You might notice your duck starts or stops producing eggs a little earlier or later than another adult duck you’ve worked with. 

Unless the stop in production is very sudden or significantly off-schedule, some deviation is standard.

Usually, you’ll see your duck stop laying eggs well before they would naturally die of old age. 

The average duck lives about eight to 12 years, but this can vary depending on the breed you’re working with.

Do Male Ducks Lay Eggs? 

Male ducks do not lay eggs, but they are necessary to fertilize an egg if it’s going to hatch into a duckling. Only female ducks will lay eggs the same way only a female horse will birth a foal. 

However, the eggs your ducks lay will be unfertilized without a drake present. 

This means those eggs will work for food, but they’re not going to hatch into a new duck after they’re incubated. 

Drakes are also typically less involved with the ducklings than the mother duck is. 

Do Ducks Lay Eggs In The Water? 

Generally speaking, a duck isn’t likely to lay its eggs in the water. It’s much more common for wild ducks to build a nest near the water for their eggs. 

In some cases, the bird might lay her eggs underwater if she feels like they’re particularly unsafe. 

This is uncommon and usually only happens under challenging situations, such as a duck whose nest was recently compromised. 

When it comes to your domesticated farm duck, you probably won’t see them laying eggs in the water. 

Rather, keep an eye out for the places discussed earlier. 

This includes locales such as nesting areas in the duck’s bedding, hidden in a corner, and other similarly protected areas. 

Once again, as you continue to collect the eggs, you’ll notice where your ducks like to lay their eggs. 

If a duck does lay her eggs in the water, they won’t hatch there.

The eggs will need to move to land before hatching if they’re fertilized. 

Further Reading: Can you move a duck’s nest with eggs?

Can Ducks Lay Two Eggs A Day? 

can a duck lay two eggs per day

You’ll likely see your ducks lay an egg per day most of the time. Sometimes, this production may ramp up, and you will see your duck produce two eggs in a single day. 

Double egg production in a single day isn’t common, but it isn’t necessarily anything to worry about. 

You might notice it as the seasons change. 

Alternatively, it can fluctuate as the animal’s hormones do too. 

This is common in young ducks who are just coming to maturity.

If you notice a duck laying a second egg, it’s normal for this egg to look slightly different from the first one.

The hard shell of an egg is made up of various materials the mother duck produces, such as calcium. 

Yet, these animals can’t produce these minerals indefinitely. 

The second egg one of these waterfowl lays is usually a bit softer since these minerals were more recently depleted.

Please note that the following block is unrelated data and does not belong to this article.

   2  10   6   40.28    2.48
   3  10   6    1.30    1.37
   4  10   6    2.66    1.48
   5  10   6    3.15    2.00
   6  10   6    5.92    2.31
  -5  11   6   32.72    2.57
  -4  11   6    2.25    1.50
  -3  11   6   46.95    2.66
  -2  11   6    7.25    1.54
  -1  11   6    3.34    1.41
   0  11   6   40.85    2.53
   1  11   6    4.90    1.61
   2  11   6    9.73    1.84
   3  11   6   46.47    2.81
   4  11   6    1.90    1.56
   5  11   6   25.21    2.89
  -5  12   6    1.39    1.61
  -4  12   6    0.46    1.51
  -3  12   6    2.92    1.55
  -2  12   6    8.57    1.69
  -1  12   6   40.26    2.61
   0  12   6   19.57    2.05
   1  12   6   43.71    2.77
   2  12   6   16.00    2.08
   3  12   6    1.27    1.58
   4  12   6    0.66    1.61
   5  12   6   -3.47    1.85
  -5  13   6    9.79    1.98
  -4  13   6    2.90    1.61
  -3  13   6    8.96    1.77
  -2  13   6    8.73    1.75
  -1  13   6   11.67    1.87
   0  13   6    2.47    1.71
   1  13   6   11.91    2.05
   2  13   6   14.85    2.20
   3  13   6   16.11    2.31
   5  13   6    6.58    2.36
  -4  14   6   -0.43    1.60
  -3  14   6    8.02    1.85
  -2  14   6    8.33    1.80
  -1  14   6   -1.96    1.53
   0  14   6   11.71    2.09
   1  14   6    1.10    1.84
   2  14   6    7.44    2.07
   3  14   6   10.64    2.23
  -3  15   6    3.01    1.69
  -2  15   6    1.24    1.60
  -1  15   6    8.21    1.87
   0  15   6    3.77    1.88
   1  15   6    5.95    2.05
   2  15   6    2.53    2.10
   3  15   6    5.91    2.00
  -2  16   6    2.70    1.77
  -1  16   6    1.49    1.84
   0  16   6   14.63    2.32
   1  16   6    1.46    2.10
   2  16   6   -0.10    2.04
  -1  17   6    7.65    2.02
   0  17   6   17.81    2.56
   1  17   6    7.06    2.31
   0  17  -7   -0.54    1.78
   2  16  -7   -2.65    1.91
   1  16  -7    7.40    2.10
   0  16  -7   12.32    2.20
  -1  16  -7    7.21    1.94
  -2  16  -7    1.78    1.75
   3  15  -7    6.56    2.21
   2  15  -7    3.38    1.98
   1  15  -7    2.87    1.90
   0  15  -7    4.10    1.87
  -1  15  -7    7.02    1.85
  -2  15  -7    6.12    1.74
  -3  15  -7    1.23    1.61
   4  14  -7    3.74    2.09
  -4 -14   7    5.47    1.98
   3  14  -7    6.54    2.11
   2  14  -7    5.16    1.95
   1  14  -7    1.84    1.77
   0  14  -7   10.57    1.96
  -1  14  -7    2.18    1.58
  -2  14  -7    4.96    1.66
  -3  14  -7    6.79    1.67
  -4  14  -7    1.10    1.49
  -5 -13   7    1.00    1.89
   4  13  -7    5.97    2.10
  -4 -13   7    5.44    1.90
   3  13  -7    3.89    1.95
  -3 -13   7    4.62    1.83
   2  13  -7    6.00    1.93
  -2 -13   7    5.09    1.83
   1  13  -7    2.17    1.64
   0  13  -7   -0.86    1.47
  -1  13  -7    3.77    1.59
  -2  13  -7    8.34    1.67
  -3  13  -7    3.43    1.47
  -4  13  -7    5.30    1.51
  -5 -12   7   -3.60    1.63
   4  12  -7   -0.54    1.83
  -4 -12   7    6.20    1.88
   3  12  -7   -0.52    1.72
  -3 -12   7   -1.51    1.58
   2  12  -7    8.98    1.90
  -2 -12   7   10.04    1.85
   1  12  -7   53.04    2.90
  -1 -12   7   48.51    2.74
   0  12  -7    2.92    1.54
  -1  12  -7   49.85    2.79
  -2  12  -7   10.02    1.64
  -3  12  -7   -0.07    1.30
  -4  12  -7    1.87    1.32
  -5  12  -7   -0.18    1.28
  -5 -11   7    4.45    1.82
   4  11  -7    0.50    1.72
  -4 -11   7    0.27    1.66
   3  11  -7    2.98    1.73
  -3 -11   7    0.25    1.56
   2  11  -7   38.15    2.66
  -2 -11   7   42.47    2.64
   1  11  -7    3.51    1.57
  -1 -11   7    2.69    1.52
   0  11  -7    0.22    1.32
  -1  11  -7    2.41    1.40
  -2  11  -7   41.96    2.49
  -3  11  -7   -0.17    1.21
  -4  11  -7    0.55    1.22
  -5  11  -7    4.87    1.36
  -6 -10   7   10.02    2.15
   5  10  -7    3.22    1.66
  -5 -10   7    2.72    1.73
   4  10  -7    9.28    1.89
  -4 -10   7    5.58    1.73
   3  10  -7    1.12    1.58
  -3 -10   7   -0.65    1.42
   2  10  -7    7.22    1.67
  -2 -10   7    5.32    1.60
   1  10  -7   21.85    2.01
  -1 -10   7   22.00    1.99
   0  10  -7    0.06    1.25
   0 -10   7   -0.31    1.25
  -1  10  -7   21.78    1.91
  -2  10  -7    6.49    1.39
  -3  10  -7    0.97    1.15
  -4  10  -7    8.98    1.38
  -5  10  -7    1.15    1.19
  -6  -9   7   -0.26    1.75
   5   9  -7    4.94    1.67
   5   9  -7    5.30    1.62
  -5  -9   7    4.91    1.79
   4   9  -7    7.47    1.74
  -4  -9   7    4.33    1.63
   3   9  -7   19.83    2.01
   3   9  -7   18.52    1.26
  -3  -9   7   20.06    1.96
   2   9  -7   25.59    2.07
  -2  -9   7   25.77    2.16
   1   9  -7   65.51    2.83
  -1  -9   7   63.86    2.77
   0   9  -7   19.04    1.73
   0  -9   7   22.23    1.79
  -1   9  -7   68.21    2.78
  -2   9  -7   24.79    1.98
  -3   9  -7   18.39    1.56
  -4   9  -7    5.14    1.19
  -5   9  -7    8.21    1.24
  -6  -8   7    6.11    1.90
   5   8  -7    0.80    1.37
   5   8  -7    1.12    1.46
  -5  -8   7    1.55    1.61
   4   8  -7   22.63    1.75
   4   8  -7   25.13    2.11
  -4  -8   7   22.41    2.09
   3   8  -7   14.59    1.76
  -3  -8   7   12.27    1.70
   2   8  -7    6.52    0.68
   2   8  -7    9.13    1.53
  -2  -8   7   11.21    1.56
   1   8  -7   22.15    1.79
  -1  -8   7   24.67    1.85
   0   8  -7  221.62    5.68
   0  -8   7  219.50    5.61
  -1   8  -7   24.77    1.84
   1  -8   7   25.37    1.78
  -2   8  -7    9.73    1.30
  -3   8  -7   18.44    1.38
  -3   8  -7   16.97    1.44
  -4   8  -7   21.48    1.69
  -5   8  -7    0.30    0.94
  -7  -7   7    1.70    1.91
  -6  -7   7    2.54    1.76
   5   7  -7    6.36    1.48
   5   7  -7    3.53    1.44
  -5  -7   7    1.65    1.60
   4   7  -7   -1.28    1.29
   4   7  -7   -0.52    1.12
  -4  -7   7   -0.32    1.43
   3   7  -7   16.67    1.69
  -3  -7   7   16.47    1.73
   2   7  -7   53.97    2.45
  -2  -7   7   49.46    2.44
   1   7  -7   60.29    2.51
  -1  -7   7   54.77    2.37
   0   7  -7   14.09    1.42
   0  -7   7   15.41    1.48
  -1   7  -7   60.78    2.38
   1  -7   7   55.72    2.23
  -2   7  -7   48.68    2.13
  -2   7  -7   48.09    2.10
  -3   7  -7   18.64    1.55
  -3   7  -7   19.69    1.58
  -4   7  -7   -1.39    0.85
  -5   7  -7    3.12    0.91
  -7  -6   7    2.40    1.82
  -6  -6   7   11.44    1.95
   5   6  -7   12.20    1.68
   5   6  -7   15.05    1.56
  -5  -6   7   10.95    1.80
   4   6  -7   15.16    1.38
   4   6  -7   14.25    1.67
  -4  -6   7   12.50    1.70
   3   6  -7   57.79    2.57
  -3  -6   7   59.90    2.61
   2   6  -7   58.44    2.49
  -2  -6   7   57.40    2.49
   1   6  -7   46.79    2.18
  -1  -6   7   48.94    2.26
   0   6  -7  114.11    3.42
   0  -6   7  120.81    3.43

This egg is still safe to consume. 

Over time, you’ll likely notice this balances out, or you might only have a single instance of a double egg. 

What Do You Do With Duck Eggs After They’re Laid?

Duck eggs offer many of the same uses as chicken eggs. The main difference is that duck eggs tend to be much larger than chicken eggs – about 30% larger on average. Remember to adjust any recipes to account for the size and the added richness of a duck egg. 

After you collect your duck eggs, wipe them down but don’t wash them off. 

Just put them in a container and pop them in the fridge, so they’re ready to use when you need them.

When you’re cooking with duck eggs, you’ll notice a few key differences from chicken eggs aside from size. 

For one, duck eggs tend to contain higher cholesterol levels and a higher fat content with plenty of Omega-3 fatty acids.

Another difference to note is yolk size. Duck eggs tend to have larger yolks – both directly and proportionally. 

This makes them great for protein.

All of these features tend to give duck eggs a richer flavor than chicken eggs and offer more volume per egg.

What Is The Shelf Life Of A Duck Egg?

Once you collect your duck eggs, they’ll last for 3 weeks when stored at room temperature and up to 4 months in the fridge. Just like any other type of egg, it’s essential to properly store them and know when they simply go bad.

The big difference here is whether you refrigerate your duck eggs or not. 

If you want them to last as long as possible, you’ll want to keep them in the fridge. 

If you leave your eggs out on the counter once you collect them, they’ll last for about three weeks. 

By placing these eggs in the fridge, you’ll extend their lifespan significantly. 

Farm-fresh duck eggs kept in the fridge last up to four months before they go bad.

Do Ducks Lay Eggs In The Water? 

A duck isn’t likely to lay its eggs in the water. It’s much more common for wild ducks to build a nest near the water for their eggs as this provides access to more food and safety. In some cases, the bird might lay her eggs underwater if she feels like they’re particularly unsafe. 

This is uncommon and usually only happens under challenging situations, such as a duck whose recently compromised nest. 

When it comes to your domesticated farm duck, you probably won’t see them laying eggs in the water. 

Rather, keep an eye out for the places discussed earlier. 

This includes locales such as nesting areas in the duck’s bedding, hidden in a corner, and other similarly protected areas. 

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Growing up amidst the sprawling farms of the South, Wesley developed a profound connection with farm animals from a young age. His childhood experiences instilled in him a deep respect for sustainable and humane farming practices. Today, through, Wesley shares his rich knowledge, aiming to inspire and educate others about the joys and intricacies of rural life.